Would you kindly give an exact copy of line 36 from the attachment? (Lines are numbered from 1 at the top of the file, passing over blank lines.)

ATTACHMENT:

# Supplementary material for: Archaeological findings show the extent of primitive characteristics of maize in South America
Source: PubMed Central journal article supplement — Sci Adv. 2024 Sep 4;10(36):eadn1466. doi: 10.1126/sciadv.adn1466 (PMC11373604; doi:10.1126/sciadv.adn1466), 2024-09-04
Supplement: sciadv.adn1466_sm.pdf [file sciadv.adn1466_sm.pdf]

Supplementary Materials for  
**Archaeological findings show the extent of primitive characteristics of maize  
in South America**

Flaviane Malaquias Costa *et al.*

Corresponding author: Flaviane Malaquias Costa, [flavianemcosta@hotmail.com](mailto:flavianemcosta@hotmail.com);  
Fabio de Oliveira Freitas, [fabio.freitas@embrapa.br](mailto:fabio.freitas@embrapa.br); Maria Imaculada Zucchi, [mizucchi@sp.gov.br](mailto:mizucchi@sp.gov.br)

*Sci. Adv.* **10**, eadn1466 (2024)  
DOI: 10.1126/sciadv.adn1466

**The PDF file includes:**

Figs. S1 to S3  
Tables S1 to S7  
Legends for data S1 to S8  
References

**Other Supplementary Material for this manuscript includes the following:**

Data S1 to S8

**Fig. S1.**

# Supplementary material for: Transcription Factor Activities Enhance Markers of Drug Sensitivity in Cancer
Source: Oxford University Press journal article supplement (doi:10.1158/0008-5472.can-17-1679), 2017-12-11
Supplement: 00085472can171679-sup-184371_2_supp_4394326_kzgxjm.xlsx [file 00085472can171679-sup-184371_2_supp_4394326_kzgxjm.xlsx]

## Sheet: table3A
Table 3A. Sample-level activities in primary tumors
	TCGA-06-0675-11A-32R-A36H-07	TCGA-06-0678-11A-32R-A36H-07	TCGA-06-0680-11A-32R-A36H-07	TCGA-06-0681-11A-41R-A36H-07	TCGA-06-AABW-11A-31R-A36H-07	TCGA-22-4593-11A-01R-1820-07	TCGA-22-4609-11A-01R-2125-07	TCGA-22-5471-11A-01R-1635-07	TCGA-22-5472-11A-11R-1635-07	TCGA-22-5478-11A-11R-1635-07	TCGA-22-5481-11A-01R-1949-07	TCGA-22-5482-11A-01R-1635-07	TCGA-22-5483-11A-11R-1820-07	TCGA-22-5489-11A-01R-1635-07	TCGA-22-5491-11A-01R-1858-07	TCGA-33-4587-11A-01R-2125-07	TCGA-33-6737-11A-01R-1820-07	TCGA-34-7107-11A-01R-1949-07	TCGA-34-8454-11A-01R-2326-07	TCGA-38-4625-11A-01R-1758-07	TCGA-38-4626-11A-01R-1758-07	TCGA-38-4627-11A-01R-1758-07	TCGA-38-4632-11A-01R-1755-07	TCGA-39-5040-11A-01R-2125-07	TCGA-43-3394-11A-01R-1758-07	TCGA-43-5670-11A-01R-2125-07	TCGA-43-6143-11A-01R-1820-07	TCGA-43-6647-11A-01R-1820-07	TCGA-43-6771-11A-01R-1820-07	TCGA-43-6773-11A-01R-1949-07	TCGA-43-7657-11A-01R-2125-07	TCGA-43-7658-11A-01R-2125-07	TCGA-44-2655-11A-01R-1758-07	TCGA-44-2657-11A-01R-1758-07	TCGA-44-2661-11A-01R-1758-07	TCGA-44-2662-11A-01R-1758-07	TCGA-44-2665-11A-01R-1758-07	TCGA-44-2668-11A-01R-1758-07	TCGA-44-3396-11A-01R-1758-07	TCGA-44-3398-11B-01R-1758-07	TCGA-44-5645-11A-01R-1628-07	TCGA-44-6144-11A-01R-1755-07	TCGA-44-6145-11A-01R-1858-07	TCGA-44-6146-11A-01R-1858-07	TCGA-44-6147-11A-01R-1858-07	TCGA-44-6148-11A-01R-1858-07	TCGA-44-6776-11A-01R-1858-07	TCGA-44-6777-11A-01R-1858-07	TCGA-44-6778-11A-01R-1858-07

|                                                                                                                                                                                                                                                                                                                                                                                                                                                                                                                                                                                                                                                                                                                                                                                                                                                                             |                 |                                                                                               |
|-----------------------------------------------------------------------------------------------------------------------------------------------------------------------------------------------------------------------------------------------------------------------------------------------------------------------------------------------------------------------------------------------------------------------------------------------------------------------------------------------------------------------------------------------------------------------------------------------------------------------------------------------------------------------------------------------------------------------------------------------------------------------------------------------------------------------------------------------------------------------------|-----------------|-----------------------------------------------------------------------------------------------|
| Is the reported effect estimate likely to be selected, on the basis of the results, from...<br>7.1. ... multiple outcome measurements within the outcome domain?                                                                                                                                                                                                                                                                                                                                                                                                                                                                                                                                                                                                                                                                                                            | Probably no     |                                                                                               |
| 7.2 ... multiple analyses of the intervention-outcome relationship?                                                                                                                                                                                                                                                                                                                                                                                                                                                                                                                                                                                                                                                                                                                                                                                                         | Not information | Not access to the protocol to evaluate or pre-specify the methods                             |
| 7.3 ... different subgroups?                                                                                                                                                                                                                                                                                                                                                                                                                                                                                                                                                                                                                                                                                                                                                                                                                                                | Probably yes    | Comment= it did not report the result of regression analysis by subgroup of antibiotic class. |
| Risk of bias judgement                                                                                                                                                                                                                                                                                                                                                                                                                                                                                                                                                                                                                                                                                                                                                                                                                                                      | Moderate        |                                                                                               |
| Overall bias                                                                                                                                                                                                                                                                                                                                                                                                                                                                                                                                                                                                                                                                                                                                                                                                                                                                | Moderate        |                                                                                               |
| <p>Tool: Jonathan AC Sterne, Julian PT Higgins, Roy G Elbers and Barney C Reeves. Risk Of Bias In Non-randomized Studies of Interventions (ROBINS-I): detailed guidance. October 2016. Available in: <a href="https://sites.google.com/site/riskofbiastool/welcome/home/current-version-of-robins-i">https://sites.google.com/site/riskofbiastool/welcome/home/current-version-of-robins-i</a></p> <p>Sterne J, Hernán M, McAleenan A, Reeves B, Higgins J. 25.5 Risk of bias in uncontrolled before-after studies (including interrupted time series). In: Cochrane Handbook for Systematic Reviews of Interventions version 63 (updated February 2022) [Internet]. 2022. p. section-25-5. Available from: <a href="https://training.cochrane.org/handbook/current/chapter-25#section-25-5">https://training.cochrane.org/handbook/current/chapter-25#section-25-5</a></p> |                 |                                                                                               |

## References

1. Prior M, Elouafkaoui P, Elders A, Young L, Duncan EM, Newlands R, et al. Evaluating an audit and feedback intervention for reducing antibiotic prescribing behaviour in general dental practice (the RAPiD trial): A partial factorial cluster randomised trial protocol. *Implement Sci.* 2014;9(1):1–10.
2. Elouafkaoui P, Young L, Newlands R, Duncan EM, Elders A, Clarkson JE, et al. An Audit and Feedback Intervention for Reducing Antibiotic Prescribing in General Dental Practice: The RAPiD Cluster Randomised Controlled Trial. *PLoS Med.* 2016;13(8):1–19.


2. Elouafkaoui P, Young L, Newlands R, Duncan EM, Elders A, Clarkson JE, et al. An Audit and Feedback Intervention for Reducing Antibiotic Prescribing in General Dental Practice: The RAPiD Cluster Randomised Controlled Trial. *PLoS Med.* 2016;13(8):1–19.